The First Documented Slavic Ruler – Bož of the Antes
Bož(pronounced bozh) was the king of the Antes, an early Slavic people who lived in parts of present-day Ukraine and who were the ancestors of most of the Eastern Slavs. His story is mentioned by Jordanes in the Getica (De origine actibusque Getarum) which was written in 550 or 551.
Jordanes writes that King Ermanaric (reigned in the 370s) of the Greuthungi (a Gothic tribe, most likely the same as the later Ostrogoths), member of the Amali dynasty, managed to subdue a large number of tribes in Europe (Cassiodorus called him “ruler of all nations of Scythia and Germania”), and he is said to have lastly subjugated the Wends, ancestors of Western Slavs. Jordanes also notes that the Gothic tribes regularly made raids into Slavic territory.
Jordanes is our best source when it comes to early Slavic people, but we have to remember that he was of Gothic origin and could be pretty subjective when it comes to the Goths. In De origine actibusque Getarum, he glorified Gothic history so much that he claims that the Goths sacked “Troy and Ilium” barely after they had somewhat recovered from the war with Agamemnon. They are also said to have encountered the Egyptian pharaoh Vesosis. The less fictional part of Jordanes’ work begins when the Goths encounter Roman military forces in the 3rd century AD. The work concludes with the defeat of the Goths by the Byzantine general Belisarius. Jordanes concludes the work by stating that he writes to honor those who were victorious over the Goths after a history of 2030 years. Bož lived about 200 years before Jordanes, which means that Jordanes’ work is not based on contemporary history but rather on myths; therefore, we cannot be completely certain that everything he wrote is true. Having this in mind, we can continue researching the life of Bož.
Jordanes mentioned three tribes of the same origin which constituted the Slavs: Wends (ancestors of West Slavs), Antes (ancestors of East Slavs) and Sklaveni (ancestors of South Slavs), and stated that the Antes were the bravest and strongest among these. He also stated that the Antes’ rule was hereditary, while Procopius maintained that the Sklaveni and Antes “are not ruled by one man, but they have lived from old under a democracy“. The Antes inhabited the area between the Dniester and the Dnieper rivers, spanning most likely to the region of the Vistula, then from there to the mouth of the Danube, and eastwards to the Don. The tribal union of the Antes was probably neighboring the West Slavic tribes. The Antes had probably formed their own state judging by Jordanes’ referring to Bož as “king”. Jordanes does not tell us about the places where the Wends used to live, but according to his description, this would be the area populated by the Antes and the Sclavenes.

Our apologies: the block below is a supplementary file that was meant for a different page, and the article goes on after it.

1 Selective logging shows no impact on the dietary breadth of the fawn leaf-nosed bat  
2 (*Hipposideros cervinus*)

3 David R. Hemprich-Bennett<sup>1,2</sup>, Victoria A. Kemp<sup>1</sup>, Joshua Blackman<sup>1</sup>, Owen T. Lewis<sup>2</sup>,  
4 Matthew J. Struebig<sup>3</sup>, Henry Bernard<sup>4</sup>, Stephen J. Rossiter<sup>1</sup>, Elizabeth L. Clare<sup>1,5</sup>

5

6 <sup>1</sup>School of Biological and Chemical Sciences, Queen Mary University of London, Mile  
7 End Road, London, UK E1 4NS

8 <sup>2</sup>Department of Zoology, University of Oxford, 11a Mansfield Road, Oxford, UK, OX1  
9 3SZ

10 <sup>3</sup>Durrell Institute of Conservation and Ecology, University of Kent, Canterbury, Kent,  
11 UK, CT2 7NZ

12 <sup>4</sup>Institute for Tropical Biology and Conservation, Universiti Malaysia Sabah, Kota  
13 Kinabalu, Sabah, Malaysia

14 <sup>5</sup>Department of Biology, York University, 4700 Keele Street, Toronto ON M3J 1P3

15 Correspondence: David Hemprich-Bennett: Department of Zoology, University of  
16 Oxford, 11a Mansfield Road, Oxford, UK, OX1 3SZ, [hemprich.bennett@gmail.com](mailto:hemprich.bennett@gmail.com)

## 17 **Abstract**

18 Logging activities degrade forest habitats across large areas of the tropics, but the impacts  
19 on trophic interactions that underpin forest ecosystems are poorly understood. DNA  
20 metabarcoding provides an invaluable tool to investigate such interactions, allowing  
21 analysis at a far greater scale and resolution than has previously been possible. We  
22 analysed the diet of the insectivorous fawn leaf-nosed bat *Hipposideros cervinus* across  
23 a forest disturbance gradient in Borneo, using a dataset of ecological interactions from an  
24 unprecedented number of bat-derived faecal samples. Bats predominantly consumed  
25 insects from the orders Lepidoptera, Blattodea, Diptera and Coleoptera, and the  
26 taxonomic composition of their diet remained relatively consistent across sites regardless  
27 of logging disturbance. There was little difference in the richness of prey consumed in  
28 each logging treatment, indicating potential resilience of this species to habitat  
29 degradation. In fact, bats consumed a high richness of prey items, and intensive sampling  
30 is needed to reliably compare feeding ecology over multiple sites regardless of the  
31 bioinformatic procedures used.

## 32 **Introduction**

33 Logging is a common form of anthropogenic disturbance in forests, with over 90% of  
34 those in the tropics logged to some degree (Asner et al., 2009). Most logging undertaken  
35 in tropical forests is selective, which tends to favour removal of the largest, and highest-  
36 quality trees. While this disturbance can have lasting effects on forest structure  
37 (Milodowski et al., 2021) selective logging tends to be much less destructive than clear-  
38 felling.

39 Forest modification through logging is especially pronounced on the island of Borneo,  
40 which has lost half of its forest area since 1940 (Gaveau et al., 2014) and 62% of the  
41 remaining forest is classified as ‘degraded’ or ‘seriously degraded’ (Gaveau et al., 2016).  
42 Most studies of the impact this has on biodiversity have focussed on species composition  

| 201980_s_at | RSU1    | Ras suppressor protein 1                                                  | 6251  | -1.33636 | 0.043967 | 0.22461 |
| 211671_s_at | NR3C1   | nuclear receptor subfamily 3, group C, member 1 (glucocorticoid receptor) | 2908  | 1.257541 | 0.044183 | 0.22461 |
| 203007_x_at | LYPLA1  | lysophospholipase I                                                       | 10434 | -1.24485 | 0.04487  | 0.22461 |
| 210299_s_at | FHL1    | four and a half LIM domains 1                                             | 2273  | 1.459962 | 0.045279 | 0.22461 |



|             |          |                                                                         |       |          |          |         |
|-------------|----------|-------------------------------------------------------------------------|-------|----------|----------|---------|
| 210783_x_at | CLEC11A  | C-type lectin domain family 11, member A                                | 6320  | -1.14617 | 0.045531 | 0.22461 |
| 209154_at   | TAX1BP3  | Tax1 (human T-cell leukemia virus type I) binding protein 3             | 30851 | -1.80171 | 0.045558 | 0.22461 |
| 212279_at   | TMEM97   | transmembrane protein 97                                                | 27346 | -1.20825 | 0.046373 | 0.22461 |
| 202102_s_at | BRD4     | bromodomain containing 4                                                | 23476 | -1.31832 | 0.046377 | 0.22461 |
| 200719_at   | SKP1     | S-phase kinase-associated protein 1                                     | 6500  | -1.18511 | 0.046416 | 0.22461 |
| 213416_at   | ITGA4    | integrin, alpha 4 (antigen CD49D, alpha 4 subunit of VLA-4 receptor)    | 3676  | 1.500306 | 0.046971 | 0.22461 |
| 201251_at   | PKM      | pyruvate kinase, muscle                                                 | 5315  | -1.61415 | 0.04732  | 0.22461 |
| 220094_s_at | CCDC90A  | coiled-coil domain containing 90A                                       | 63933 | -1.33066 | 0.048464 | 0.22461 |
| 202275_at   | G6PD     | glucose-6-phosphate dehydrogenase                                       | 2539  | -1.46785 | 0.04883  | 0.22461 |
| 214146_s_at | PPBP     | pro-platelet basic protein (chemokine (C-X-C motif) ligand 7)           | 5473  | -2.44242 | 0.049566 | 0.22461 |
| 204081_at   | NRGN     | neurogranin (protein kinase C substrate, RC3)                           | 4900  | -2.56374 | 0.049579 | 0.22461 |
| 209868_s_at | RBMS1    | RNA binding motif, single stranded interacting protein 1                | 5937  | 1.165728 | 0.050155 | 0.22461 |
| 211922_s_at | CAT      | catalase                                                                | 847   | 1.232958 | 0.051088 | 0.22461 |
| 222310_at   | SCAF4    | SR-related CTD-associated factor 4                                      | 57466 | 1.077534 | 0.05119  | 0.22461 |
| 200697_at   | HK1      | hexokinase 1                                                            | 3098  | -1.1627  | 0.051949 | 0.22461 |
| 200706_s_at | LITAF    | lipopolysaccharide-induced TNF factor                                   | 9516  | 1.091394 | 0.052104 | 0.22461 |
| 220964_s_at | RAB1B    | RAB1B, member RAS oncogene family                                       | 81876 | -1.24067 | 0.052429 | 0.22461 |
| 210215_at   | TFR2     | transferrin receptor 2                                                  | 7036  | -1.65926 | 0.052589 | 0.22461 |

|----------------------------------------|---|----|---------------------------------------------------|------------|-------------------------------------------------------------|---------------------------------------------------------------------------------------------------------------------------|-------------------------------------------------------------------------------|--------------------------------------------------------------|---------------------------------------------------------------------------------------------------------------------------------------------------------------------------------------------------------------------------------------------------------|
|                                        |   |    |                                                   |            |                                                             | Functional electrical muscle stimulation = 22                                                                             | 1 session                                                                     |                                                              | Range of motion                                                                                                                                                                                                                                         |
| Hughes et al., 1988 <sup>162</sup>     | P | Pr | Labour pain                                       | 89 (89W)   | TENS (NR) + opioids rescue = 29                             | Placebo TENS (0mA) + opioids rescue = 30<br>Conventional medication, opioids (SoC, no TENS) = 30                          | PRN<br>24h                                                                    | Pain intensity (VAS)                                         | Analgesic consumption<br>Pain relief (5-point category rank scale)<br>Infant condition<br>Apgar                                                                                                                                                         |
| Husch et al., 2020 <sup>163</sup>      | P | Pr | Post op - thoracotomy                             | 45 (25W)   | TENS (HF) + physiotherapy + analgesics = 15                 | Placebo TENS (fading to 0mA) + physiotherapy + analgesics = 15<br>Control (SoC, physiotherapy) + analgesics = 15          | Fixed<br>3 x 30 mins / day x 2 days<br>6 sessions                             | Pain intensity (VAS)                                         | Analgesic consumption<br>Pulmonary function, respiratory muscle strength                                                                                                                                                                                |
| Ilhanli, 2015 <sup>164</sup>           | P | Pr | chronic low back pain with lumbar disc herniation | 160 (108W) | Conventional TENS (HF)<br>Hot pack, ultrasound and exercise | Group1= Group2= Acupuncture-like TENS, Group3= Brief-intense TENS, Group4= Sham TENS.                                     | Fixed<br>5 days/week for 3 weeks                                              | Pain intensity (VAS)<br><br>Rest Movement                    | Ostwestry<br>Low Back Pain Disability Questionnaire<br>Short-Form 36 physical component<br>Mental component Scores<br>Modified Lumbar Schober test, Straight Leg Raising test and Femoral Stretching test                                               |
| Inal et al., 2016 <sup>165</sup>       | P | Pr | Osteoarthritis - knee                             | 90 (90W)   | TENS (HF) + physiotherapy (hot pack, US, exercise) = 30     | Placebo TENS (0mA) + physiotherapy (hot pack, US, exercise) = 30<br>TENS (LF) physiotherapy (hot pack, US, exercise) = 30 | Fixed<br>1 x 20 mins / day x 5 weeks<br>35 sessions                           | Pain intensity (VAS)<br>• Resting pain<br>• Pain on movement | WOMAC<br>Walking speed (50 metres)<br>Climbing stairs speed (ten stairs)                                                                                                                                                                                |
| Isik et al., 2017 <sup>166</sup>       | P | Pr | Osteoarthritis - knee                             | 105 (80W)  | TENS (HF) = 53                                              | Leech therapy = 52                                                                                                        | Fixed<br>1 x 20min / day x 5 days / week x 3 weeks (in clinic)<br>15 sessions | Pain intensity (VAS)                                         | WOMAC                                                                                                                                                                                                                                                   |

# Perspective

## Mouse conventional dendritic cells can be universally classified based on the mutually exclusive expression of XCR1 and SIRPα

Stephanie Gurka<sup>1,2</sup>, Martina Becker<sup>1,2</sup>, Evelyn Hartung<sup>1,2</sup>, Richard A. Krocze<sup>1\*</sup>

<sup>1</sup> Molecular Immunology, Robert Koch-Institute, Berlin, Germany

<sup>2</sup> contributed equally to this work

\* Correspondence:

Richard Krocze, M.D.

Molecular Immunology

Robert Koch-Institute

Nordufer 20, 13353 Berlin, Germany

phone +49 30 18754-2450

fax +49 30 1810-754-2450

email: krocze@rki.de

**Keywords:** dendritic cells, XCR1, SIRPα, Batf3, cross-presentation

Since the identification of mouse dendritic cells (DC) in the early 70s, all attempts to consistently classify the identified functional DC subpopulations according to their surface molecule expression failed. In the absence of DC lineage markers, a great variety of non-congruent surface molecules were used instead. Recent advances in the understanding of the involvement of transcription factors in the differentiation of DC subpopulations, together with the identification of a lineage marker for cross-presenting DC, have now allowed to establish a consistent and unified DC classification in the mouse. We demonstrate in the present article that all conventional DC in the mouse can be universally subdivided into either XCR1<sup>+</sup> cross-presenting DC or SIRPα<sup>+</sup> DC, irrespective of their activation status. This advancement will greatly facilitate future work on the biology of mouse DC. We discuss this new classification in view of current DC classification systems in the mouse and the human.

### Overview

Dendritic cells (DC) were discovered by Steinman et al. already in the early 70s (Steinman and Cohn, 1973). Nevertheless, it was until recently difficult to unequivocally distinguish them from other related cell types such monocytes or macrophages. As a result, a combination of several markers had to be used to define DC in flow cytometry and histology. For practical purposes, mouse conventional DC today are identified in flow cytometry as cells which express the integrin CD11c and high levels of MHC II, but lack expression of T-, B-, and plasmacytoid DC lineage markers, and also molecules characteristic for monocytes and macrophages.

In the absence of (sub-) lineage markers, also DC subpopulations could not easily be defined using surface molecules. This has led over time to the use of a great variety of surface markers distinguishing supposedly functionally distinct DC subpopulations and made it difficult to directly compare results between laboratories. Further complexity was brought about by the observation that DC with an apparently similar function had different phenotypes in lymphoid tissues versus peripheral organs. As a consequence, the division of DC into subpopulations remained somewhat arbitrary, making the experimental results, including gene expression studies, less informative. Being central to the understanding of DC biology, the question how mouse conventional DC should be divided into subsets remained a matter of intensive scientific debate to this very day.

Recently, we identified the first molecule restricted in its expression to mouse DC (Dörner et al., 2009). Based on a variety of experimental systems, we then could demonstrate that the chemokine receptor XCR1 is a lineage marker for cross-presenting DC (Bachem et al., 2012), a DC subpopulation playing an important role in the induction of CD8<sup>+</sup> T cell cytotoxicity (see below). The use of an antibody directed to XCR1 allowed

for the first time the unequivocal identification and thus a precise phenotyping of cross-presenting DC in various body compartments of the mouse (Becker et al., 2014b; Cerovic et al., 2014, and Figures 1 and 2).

There was a good deal of fighting in the 4th century AD between the Goths and Antes. Most of it undoubtedly took place in southern Russia, but there is one interesting reference in Jordanes which seems to indicate that they may have fought in the Caucasus as well.
Vinitharius (the ruler of the Ostrogoths) loathed being under Hun rule, so he withdrew his forces and marched against the Antes in order to defeat them and show his courage. This took place in the last quarter of the 4th century, possibly around 380. Bož, the king of the Antes (rex Antorum), had organized an alliance to defend the Antes, and managed to defeat Vinitharius in their first encounters. However, Vinitharius fought valiantly and managed to capture and crucify Bož, together with his sons and 70 of his chiefs (primates). Vinitharius left their bodies hanging to induce fear into those who had surrendered.
Ermanaric and his Goths were not long to rejoice over this victory for, they went down beneath the scampering hooves of the Hunnish horses. The day of the Huns and of their greatest leader, Attila, was at hand. But whereas the Goths left Russia for the south as a result of the Hunnic invasion, the Antes survived right where they were. With the Goths gone and Attila’s Hunnic empire shifted far to the west, the Ante monarchy made a strong comeback. In the middle of the 6th century it stretched northwards from the Carpathians to the Pontic steppe. Procopius mentioned that the Goths were at one time known as “Scythians, Sarmatians, and Geten”, which shows us how big of a confusion it was for Romans to differentiate the “barbarian people”.
At the beginning, all the people who lived on the steppes of Eastern Europe were considered Sarmatians to Romans. The Romans themselves were often in doubt as to whether the peoples living west of the Vistula were of Sarmatian or Germanic origin. Both looked the same to them, both talked the languages they could not understand and both were pagans. I believe that many ancestors of modern Slavic people were mistaken for Germanic, Sarmatian or Scythian people and vice-versa. It is really hard to determine what sort of impact Sarmatians left on Slavic people and whether some Slavic tribes were regarded as Sarmatian in Roman histories.